Table Table 1. Overview of the selected plant-pathogen pairs investigated in this study and associated key biological aspects. NCBI taxonomy numbers are given in the parentheses next to the species’ NCBI Taxonomy names.

Click here to display table

Table 1. Overview of the selected plant-pathogen pairs investigated in this study and associated key biological aspects. NCBI taxonomy numbers are given in the parentheses next to the species’ NCBI Taxonomy names.
PathogenPlantPathogen typeUnicellular/multicellularTissue colonisationObligate pathogen
Pseudomonas syringae pv. tomato (323)Arabidopsis thaliana (3702) [1]Bacterium/hemi-biotrophic [6]unicellularapoplastno
Xanthomonas oryzae pv. Oryzae(64187)Oryza sativa (4530) [25]Bacterium/biotrophic [29]unicellularapoplastno
Ustilago maydis (5270)Zea mays (4577) [27]Fungus/biotrophic [27]multicellularapoplast and cellsyes
Melampsora larici-populina (203908)Populus trichocarpa (3694) [30]Fungus/biotrophic [30]multicellularapoplast and cellsyes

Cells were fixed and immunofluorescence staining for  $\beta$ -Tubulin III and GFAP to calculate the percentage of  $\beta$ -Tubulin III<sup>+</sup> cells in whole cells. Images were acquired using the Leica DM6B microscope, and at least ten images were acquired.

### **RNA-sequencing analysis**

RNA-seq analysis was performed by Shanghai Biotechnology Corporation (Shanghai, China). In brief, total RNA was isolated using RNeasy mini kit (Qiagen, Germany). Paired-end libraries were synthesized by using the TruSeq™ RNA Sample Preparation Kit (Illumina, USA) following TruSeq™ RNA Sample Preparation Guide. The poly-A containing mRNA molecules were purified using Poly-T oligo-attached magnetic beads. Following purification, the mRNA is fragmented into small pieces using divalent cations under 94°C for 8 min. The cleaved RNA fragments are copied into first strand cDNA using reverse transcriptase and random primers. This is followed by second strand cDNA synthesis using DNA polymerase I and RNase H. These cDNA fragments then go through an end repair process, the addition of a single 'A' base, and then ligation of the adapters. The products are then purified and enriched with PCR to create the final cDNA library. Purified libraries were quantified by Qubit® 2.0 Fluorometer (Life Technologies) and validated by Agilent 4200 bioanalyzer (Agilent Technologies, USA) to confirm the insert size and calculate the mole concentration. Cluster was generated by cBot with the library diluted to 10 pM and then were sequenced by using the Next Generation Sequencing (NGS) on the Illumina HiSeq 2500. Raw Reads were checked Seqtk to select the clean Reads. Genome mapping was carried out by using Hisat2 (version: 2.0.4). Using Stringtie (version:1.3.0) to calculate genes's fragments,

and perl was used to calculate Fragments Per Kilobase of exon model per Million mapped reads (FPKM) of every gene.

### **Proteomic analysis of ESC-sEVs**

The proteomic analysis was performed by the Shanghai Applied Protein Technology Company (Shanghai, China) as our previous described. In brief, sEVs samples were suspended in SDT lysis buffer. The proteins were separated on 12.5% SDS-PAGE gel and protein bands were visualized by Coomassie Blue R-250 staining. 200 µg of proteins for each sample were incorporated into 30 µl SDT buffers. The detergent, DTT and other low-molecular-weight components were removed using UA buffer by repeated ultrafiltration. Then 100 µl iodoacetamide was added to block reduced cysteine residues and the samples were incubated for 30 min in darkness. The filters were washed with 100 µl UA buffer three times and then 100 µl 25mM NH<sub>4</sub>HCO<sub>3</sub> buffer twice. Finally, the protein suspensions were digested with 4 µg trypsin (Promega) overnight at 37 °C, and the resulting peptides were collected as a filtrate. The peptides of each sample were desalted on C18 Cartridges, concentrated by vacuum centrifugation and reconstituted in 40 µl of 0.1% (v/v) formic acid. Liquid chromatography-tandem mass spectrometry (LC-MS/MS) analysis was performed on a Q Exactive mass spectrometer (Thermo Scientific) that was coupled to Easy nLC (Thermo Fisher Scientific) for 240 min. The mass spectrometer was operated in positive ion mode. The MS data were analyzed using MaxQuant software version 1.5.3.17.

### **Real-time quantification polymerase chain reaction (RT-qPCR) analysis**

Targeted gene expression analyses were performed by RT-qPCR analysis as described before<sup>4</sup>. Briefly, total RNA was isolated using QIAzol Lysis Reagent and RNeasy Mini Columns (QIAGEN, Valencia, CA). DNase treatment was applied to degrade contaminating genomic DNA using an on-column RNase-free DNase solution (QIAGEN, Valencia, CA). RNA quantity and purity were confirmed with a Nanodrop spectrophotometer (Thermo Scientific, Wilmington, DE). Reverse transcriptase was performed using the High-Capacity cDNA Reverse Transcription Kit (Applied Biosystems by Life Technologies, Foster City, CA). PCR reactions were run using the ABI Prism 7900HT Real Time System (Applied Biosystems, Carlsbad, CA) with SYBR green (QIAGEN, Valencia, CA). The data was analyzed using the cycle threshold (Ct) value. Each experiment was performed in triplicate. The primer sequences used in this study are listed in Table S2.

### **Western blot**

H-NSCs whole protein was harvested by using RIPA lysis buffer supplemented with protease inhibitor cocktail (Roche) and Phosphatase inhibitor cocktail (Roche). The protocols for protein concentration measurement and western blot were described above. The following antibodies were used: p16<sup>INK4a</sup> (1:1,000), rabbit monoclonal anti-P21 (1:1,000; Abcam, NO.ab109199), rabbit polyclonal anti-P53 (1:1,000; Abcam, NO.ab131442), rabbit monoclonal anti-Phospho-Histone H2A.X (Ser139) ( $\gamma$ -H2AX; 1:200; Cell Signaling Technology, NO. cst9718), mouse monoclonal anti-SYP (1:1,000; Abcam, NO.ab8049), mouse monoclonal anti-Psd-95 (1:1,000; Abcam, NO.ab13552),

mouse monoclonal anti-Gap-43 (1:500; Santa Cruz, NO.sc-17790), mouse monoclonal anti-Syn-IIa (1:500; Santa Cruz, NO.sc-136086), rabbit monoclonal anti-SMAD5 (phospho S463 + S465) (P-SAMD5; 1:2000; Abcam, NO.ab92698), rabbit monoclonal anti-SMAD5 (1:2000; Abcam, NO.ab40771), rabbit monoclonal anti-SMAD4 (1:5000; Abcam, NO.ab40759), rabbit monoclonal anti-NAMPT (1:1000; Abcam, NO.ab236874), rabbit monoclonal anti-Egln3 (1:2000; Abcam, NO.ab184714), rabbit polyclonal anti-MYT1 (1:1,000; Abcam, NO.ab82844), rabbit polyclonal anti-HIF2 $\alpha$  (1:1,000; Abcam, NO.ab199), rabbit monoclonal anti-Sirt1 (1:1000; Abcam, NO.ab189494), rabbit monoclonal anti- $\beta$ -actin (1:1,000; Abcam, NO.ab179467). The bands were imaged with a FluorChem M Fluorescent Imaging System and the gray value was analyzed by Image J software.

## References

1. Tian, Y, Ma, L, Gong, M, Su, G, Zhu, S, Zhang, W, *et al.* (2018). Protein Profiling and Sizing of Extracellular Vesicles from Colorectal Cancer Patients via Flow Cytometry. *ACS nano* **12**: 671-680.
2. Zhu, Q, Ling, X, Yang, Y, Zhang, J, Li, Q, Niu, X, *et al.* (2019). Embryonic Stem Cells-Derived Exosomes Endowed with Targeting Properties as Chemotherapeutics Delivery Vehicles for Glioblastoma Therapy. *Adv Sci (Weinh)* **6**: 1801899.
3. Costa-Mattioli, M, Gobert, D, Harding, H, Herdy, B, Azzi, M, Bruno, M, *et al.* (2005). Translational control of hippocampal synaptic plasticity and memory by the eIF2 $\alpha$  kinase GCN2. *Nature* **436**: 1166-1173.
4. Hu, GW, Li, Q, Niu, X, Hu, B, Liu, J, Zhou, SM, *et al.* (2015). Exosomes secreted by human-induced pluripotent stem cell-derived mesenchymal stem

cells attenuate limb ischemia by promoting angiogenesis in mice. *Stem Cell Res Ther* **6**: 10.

Sclerotinia sclerotiorum (5180)Glycine max (3847) [31]Fungus/necrotrophic [32]multicellularapoplastno
Table Table 2. The number of protein sequences in the investigated organisms (downloaded from NCBI as of July 2011). The second column lists the abbreviations for each organism used in the following parts of the article.

Click here to display table

Table 2. The number of protein sequences in the investigated organisms (downloaded from NCBI as of July 2011). The second column lists the abbreviations for each organism used in the following parts of the article.
Organism pairAbbreviationNumber of proteins
Arabidopsis thaliana [33]At221,677
Pseudomonas syringae pv. Tomato [34]Ps41,274
Oryza sativa [35]Os257,407
Xanthomonas oryzae pv. Oryzae [25,36]Xo29,011
Zea mays [37]Zm101,421
Ustilago maydis [38]Um14,433
Populus trichocarpa [39]Pt87,553
Melampsora larici-populina [40]Ml16,384
Glycine max [41]Gm35,645
Sclerotinia sclerotiorum Ss 30,901

2.2. Species-Independent Reaction Models